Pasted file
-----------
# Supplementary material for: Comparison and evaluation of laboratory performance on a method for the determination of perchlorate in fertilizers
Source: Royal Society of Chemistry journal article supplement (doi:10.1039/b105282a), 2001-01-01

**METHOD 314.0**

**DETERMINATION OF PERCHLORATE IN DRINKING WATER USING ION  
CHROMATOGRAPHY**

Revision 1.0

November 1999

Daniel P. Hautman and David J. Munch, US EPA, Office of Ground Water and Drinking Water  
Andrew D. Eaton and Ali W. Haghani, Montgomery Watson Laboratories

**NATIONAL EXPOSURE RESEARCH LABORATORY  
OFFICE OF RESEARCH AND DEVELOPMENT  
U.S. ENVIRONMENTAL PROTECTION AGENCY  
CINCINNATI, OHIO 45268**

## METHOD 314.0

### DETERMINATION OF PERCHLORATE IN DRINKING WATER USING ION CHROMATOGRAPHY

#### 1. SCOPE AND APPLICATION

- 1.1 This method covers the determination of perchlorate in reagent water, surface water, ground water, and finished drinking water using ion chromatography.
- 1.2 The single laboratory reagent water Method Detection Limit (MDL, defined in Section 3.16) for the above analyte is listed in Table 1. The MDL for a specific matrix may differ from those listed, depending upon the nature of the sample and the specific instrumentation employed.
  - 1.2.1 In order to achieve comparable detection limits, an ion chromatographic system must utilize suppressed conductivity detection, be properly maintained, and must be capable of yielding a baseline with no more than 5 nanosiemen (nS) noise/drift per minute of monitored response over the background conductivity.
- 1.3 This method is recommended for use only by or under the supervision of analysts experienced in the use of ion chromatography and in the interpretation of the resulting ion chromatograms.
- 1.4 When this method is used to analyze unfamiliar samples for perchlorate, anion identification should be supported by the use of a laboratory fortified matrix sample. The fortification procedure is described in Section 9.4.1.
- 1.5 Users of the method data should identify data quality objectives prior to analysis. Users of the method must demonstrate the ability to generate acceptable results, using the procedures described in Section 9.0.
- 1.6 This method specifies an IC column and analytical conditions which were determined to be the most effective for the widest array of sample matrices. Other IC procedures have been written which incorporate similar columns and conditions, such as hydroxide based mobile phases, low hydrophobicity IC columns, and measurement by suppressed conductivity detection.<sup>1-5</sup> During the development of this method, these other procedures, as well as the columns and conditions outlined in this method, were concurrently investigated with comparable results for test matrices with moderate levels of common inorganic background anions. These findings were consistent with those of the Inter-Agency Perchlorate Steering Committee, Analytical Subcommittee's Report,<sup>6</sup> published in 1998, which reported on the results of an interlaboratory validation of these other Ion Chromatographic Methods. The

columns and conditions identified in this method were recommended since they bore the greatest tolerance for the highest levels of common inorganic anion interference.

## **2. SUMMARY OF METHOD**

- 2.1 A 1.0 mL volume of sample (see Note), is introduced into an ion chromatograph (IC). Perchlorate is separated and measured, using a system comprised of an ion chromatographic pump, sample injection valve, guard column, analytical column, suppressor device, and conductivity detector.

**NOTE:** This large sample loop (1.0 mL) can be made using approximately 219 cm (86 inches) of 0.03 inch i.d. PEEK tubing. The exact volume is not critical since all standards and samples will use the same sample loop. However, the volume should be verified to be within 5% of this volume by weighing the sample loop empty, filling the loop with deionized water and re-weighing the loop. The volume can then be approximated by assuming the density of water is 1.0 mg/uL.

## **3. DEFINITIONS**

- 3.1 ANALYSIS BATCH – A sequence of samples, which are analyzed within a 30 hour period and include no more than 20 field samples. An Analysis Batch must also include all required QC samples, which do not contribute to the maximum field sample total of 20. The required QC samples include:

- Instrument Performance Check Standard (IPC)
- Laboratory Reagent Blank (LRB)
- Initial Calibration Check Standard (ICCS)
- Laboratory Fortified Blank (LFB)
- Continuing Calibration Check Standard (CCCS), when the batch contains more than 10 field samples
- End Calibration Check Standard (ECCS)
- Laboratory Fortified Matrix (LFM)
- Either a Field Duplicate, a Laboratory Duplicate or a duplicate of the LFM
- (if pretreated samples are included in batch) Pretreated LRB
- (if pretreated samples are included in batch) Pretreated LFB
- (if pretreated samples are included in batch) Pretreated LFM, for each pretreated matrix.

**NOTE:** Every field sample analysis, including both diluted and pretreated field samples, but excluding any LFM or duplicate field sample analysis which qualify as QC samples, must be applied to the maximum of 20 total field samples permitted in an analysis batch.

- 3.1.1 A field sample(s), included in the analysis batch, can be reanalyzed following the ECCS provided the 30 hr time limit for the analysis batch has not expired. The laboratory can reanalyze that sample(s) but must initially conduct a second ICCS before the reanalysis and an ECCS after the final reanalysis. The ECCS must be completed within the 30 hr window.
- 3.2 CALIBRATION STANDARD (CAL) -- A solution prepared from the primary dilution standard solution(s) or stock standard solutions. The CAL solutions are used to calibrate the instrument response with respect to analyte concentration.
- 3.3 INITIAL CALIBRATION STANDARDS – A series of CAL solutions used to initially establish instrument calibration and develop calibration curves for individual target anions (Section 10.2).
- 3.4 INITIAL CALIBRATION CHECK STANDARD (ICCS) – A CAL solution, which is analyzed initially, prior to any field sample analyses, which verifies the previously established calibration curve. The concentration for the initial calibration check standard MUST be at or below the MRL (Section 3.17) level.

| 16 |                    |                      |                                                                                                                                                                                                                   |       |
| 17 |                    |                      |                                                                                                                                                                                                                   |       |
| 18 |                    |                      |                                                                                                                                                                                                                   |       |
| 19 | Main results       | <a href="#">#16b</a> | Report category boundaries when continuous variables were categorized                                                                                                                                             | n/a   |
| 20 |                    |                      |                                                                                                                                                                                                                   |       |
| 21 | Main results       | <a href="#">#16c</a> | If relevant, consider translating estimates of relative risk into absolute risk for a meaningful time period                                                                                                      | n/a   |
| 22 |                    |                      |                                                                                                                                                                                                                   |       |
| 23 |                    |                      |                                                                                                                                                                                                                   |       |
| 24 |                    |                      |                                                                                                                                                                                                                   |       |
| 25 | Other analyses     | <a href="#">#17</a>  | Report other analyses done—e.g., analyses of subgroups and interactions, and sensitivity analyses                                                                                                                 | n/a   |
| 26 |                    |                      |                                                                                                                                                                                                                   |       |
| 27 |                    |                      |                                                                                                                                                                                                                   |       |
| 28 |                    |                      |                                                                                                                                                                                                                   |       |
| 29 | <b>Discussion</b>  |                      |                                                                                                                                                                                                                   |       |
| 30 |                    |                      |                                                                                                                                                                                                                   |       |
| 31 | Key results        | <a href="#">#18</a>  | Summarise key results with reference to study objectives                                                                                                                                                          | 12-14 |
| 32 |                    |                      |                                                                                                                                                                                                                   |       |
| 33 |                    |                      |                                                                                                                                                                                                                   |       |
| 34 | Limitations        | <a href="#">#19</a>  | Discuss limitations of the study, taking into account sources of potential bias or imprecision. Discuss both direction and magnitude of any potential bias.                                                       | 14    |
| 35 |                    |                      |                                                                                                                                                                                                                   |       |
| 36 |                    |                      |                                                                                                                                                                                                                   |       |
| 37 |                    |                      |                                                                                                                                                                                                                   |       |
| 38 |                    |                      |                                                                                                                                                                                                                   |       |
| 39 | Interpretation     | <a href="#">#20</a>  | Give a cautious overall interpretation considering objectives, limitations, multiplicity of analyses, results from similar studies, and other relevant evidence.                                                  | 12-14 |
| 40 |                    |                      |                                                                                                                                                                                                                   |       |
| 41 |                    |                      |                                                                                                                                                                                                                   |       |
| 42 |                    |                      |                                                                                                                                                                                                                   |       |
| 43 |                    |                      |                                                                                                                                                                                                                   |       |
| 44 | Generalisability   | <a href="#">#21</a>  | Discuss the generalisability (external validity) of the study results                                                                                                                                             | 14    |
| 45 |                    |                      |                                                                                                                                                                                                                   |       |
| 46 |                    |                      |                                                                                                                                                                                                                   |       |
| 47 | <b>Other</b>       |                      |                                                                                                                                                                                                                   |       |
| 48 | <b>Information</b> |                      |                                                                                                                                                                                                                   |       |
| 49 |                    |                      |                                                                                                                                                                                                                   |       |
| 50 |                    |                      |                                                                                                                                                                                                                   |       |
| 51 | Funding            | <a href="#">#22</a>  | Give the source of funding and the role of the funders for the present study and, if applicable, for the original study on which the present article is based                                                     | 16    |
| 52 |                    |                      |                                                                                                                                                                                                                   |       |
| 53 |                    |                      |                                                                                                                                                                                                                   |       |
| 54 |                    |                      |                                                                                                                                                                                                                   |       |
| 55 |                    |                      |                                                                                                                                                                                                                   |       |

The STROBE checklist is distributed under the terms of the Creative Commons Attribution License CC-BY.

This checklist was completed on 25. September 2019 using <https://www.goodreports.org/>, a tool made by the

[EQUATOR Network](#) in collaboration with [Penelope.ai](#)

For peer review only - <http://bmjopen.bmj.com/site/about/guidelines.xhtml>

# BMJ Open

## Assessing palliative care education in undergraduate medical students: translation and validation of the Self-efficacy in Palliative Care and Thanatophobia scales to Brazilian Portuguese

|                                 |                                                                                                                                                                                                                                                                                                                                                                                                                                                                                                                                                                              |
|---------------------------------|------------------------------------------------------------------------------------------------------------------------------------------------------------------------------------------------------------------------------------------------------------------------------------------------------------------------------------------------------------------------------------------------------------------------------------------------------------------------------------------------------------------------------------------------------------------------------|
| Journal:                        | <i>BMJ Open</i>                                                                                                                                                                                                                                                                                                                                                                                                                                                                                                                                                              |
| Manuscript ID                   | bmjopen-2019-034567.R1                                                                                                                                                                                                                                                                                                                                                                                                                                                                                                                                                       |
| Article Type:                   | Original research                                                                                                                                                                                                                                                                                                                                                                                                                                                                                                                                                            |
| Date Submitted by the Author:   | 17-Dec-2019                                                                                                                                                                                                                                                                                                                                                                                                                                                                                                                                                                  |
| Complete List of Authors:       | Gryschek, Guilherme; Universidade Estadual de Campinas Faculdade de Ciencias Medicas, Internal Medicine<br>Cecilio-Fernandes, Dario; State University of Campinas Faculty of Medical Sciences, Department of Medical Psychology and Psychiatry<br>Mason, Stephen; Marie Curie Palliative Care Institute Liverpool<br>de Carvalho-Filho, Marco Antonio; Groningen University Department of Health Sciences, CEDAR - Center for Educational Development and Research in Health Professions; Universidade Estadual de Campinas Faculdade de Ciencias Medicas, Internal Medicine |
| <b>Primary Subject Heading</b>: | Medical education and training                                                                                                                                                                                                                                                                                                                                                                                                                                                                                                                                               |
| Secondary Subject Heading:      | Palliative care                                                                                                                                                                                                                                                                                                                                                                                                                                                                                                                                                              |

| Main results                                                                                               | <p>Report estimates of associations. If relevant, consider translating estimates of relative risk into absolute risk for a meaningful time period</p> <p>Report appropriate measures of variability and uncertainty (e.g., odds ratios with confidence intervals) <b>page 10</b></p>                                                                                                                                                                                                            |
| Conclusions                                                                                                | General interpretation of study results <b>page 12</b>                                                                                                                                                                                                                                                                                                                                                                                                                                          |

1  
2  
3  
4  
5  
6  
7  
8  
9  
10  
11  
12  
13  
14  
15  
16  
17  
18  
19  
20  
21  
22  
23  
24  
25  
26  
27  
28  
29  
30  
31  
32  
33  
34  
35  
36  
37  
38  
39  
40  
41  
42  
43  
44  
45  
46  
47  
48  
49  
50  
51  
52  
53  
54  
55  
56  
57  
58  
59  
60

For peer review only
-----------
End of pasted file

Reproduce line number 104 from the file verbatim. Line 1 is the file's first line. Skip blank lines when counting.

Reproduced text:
2  